After 40-odd years of using various pieces of assistive technology, you’d think I’d be well past the basics – you know, like knowing how to turn it on and off.
But I haven’t. Technology continues to floor me as much as it did when I was in my 20s. At that time, the only electronic, electric (I think those two things are different but I’m not sure) and battery-powered devices in my life were a corded, rotary dial telephone, a television, a radio and my hearing aid. Oh, yeah, and the vinyl record player.
I didn’t know how any of them worked. The magic that sprang to life when I turned it on, was just that – magic. Turning things on and off were the sum total I knew about this stuff. And that was OK – because other people did know how it worked – they were the people that invented and made these devices, and other random engineering types. Their expertise meant that I could continue believing in magic.
These days, I’m more of a battery-operated-and-charger person than ever before. My hearing assistive technology alone now has its own shelf in my bedroom.
2 Hearing aids, both for the same ear, worn for different reasons
1 Cochlear implant sound processor
1 Remote assistant for my sound processor
1 MiniMic2 for my sound processor
1 DryAid for hearing aids and sound processor
1 TV streamer
All of these must be cleaned, charged and/or filled with fresh batteries on demand. I do pretty well, considering the number of cords floating around that all look alike – thank heavens for Apple products that stick with basic white – and different bits on the ends of them. I had been doing so well recently in keeping it all together that when I recently got the last thing on the above list – a TV streamer – I thought to myself, “I’ve got this…I can put this together myself.” Usually anything with more than one cord and with not one, but two, instruction booklets, is a task I immediately hand over to the Hearing Husband to set up. But how difficult could it be? As it turns out it wasn’t too difficult, apart from a few tactical errors and one issue that was not my fault.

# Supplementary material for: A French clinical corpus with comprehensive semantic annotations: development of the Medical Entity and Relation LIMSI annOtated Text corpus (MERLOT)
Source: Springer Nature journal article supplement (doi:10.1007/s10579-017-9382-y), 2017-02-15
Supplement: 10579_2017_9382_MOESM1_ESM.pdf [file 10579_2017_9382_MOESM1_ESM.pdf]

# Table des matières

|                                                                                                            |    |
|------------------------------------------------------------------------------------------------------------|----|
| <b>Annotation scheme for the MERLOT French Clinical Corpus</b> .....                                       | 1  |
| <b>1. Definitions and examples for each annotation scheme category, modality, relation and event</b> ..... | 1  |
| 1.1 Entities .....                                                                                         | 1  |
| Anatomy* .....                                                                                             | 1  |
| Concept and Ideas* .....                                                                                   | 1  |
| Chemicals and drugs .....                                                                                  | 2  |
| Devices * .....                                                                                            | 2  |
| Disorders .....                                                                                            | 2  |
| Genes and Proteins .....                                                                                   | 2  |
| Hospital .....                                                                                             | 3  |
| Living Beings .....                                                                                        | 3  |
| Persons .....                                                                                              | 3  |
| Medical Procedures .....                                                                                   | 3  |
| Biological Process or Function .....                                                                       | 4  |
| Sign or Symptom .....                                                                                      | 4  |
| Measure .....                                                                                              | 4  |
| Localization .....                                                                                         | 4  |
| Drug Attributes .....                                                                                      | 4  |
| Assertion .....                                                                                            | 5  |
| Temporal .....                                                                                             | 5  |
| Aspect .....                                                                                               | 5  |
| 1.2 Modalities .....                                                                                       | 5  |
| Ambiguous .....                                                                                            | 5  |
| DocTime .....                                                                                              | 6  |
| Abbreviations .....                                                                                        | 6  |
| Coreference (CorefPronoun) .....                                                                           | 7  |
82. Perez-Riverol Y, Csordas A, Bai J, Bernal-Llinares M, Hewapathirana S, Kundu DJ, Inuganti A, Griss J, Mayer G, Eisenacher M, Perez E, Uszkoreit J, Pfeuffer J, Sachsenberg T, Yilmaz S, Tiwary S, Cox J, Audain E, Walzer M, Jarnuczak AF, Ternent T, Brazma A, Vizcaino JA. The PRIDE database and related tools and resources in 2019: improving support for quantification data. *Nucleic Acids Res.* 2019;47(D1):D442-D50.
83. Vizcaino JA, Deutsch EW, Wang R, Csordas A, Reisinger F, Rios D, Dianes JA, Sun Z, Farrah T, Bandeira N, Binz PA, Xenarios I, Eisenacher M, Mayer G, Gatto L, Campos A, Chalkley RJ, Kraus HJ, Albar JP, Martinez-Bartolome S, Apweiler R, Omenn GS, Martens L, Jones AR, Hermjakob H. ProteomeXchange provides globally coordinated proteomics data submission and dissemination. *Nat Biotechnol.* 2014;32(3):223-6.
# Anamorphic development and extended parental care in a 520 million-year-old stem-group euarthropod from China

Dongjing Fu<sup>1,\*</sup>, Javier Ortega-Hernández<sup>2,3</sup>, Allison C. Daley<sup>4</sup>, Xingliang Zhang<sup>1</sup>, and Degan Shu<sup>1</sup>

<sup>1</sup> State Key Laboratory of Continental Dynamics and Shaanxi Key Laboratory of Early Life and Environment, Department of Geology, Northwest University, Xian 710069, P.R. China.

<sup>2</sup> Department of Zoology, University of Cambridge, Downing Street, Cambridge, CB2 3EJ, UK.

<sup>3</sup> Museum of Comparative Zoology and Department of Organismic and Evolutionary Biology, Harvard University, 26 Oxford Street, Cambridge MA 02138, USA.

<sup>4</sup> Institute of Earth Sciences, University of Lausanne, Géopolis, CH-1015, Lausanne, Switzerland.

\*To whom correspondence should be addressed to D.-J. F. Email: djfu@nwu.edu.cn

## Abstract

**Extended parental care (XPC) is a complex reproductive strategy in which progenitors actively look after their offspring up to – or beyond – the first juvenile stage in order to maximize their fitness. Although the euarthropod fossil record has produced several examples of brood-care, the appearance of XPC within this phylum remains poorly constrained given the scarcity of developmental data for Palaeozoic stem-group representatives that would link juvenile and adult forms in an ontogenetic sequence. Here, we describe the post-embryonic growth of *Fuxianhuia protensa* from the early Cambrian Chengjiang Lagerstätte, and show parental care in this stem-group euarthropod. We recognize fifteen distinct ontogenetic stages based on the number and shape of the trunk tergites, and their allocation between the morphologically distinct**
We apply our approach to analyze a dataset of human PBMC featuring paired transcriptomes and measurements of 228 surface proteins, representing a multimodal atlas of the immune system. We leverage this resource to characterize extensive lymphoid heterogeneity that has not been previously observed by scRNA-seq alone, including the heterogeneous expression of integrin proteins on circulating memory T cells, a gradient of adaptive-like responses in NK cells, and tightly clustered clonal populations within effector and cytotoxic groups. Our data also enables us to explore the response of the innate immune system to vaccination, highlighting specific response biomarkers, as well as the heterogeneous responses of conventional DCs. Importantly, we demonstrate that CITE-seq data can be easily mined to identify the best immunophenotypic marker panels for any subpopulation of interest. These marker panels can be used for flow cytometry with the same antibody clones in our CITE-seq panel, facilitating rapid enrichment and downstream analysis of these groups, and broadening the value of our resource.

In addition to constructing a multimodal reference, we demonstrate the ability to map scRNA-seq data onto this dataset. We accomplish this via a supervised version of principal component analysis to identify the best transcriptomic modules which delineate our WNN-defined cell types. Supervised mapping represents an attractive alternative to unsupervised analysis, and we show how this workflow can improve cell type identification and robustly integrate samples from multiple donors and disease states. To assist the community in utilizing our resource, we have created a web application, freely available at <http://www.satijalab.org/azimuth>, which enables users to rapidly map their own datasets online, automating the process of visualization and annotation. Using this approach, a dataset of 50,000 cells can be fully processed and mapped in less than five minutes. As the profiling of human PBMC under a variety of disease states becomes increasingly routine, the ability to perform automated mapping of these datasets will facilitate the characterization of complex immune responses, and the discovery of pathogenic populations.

On a visit to Denmark last September, my friend Aida Regel Poulson, a renowned European hearing advocate, introduced me to her TV streamer. I was smitten – it brought the TV sound directly into my hearing aid and sound processor, while allowing the hearing people (our husbands) to listen to it with their perfect ears that they’re so proud of.
All was good in the set up except that in the manual, it referred to turning the device “ON”. But it has no “ON/OFF” switch, so I assume that ‘plugging it in’ is a euphemism for turning it on. But that took at least an extra 5 minutes of my time. It seemed longer. Also, I didn’t understand a little drawing that meant “take this little plastic thing off the tip before trying to plug it in”. There doesn’t appear to be any lasting damage due to my repeated attempts to drive the little sucker into the slot.
My next issue was the ‘pairing’ of my hearing devices to the streamer. I did what they said, and voila! It was fabulous. Later that evening, I started up my iPad to watch a Netflix show. Hmmm, I had to re-pair it to my MiniMic2. Then the next morning, I had to re-pair again to the TV streamer. This can’t be right. I didn’t see anything in the manual, so I contacted my Cochlear rep, Dorota Simpson, who took precious time out of her weekend to reply.
Apparently, to have ALL the programs showing on my devices, when I paired the TV streamer, I should have hit the ‘pair’ button twice. I still don’t see where it says that in the manuals, but when I get frustrated, I can’t read properly. So now, as you can see by the pictures, I have multiple streams on my iPhone (used with my hearing aid) and my Remote Assistant. Regular, Telecoil, MiniMic2 and TV – I’m so proud.
So why am I telling you all this? A few reasons – first, I write a weekly blog for HearingHealthMatters.org and this is #374. I’ve learned to take any idea I get and run with it. Second, some of you may also have a less-than-stellar mechanical aptitude and I want you know that you’re not alone. Don’t listen to people who say “this is so easy, any moron can use it.” And third, those of you who are detail-oriented and meticulously follow instructions and can improvise when an instruction is missing, I want to offer you a moment of envy (mine) and superiority (yours).
Technology is fabulous – if you know how to turn it on!